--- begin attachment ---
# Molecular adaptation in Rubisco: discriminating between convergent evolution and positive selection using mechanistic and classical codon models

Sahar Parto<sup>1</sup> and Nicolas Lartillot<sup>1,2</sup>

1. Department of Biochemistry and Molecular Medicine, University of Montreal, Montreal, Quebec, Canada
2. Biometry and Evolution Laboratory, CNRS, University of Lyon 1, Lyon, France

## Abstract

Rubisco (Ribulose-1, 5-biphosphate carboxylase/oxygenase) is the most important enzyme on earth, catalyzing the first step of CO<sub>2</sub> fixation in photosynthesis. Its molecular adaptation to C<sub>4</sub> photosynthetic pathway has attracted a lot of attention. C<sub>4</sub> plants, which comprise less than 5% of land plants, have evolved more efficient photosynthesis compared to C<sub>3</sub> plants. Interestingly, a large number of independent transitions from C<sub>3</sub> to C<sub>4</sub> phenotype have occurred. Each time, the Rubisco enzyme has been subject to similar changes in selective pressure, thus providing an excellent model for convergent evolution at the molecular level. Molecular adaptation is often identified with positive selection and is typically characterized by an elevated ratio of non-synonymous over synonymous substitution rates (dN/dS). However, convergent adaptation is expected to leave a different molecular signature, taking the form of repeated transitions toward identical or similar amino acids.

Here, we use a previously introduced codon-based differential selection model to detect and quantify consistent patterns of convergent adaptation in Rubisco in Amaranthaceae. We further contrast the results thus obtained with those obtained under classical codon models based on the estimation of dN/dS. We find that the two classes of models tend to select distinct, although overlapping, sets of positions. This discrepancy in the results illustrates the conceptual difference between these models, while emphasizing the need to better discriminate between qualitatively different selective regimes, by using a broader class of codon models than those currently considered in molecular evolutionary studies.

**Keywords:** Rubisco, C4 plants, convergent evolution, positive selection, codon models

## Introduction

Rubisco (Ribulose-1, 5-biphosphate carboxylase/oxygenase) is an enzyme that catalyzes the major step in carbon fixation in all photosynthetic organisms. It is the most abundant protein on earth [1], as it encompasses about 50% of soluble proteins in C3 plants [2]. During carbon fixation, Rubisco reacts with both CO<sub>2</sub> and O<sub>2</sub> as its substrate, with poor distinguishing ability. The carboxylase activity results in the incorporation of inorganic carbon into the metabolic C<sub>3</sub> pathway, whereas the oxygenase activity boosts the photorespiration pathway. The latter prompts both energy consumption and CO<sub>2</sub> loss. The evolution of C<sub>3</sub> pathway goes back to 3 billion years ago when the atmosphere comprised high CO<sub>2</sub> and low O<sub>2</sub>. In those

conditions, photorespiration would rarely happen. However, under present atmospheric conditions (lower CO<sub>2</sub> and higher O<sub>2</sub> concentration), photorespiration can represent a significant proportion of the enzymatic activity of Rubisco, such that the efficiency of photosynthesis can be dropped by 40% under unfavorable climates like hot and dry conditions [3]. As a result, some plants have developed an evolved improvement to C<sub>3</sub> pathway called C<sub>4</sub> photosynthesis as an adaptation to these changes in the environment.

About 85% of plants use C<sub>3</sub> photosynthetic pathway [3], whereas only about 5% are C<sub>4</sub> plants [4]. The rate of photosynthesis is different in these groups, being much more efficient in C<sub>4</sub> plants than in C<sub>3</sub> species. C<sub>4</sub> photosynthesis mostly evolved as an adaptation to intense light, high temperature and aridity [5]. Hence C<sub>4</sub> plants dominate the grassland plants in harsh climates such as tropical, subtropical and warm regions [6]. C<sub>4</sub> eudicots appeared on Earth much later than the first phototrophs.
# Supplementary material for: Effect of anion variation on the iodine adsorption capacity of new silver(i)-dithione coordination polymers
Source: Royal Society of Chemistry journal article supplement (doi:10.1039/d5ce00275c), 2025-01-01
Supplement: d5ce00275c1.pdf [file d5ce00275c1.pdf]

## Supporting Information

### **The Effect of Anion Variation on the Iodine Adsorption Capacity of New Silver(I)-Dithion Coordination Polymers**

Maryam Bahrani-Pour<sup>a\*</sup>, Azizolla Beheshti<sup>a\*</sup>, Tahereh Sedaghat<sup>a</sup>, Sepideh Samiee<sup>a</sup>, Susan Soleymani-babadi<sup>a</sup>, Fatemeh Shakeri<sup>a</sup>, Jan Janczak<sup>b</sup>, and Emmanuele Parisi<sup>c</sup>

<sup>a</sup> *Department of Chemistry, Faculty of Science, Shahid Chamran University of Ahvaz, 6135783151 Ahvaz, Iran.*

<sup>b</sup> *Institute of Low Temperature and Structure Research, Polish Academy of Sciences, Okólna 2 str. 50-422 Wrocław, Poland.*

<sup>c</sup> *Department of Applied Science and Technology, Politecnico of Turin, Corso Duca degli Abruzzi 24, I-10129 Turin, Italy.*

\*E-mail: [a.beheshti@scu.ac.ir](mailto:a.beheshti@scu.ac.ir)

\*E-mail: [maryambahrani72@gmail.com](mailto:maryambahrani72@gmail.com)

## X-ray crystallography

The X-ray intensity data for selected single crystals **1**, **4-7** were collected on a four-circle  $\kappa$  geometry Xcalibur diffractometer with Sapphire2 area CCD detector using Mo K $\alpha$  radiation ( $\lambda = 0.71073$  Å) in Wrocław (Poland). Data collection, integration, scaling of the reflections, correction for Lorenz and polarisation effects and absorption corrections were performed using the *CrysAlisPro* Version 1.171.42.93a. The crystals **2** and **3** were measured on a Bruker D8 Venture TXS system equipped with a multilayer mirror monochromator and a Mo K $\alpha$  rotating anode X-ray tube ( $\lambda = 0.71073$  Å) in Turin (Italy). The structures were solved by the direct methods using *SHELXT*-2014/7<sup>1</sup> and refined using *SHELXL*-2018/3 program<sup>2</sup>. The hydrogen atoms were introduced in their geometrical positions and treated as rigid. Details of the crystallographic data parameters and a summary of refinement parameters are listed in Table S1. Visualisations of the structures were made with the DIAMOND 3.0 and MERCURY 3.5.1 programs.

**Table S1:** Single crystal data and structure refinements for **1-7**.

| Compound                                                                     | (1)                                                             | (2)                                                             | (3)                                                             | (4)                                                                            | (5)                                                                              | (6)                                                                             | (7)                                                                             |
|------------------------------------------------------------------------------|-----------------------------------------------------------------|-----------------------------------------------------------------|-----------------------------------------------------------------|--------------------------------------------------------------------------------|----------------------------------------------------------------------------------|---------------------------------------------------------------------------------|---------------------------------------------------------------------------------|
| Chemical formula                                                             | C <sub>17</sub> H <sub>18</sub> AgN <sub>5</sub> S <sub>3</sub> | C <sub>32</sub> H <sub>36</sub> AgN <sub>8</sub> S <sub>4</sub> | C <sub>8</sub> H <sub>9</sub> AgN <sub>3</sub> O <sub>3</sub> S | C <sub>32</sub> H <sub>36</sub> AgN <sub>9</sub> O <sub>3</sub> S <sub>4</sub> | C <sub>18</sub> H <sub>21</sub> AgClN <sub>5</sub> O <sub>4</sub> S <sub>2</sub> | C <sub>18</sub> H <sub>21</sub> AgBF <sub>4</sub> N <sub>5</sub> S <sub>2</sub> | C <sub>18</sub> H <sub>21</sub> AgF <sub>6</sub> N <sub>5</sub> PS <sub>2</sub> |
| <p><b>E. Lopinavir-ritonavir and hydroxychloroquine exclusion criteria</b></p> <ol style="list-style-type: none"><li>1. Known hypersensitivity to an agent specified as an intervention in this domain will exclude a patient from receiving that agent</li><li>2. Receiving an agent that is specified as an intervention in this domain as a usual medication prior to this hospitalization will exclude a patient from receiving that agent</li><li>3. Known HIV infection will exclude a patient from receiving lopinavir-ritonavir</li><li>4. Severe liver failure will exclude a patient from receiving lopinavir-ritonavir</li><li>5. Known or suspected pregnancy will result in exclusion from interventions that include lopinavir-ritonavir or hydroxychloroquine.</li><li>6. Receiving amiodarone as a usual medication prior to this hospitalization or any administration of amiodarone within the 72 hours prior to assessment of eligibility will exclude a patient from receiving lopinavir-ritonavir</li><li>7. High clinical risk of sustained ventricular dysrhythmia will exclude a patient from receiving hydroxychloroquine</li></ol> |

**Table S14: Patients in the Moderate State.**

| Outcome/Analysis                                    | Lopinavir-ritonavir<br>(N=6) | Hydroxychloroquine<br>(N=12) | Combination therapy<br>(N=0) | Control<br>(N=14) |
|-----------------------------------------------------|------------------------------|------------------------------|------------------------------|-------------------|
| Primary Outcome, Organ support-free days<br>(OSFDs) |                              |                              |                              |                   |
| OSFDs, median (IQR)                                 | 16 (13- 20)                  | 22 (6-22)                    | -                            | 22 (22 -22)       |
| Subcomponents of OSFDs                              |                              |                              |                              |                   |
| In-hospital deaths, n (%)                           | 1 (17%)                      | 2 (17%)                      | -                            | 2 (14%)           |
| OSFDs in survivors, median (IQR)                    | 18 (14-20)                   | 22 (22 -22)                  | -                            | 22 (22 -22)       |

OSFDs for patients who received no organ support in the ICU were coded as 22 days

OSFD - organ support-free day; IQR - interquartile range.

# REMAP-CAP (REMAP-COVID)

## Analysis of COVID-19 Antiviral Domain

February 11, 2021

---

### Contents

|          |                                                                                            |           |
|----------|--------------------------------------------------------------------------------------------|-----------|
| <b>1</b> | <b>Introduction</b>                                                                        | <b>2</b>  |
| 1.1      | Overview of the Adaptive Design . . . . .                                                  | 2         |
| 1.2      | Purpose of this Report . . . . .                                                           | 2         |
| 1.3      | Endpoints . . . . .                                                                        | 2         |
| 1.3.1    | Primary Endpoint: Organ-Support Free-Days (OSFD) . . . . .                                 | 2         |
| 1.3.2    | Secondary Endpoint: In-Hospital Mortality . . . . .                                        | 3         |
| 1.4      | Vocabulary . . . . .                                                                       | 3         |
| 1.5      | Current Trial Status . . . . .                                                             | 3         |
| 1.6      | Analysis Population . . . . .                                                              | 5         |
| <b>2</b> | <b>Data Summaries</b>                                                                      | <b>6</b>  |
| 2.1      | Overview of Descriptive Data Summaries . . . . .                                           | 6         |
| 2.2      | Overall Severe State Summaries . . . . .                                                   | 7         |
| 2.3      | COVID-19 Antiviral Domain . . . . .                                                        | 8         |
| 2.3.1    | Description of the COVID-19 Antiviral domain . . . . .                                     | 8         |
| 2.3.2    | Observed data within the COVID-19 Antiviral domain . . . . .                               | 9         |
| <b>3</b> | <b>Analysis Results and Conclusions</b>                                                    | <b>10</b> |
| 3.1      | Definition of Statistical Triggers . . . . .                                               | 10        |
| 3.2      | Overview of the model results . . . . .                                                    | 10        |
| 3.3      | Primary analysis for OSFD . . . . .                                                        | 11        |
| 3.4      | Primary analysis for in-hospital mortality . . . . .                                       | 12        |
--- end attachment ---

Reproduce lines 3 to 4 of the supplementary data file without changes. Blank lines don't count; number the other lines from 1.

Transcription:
1. Department of Biochemistry and Molecular Medicine, University of Montreal, Montreal, Quebec, Canada
2. Biometry and Evolution Laboratory, CNRS, University of Lyon 1, Lyon, France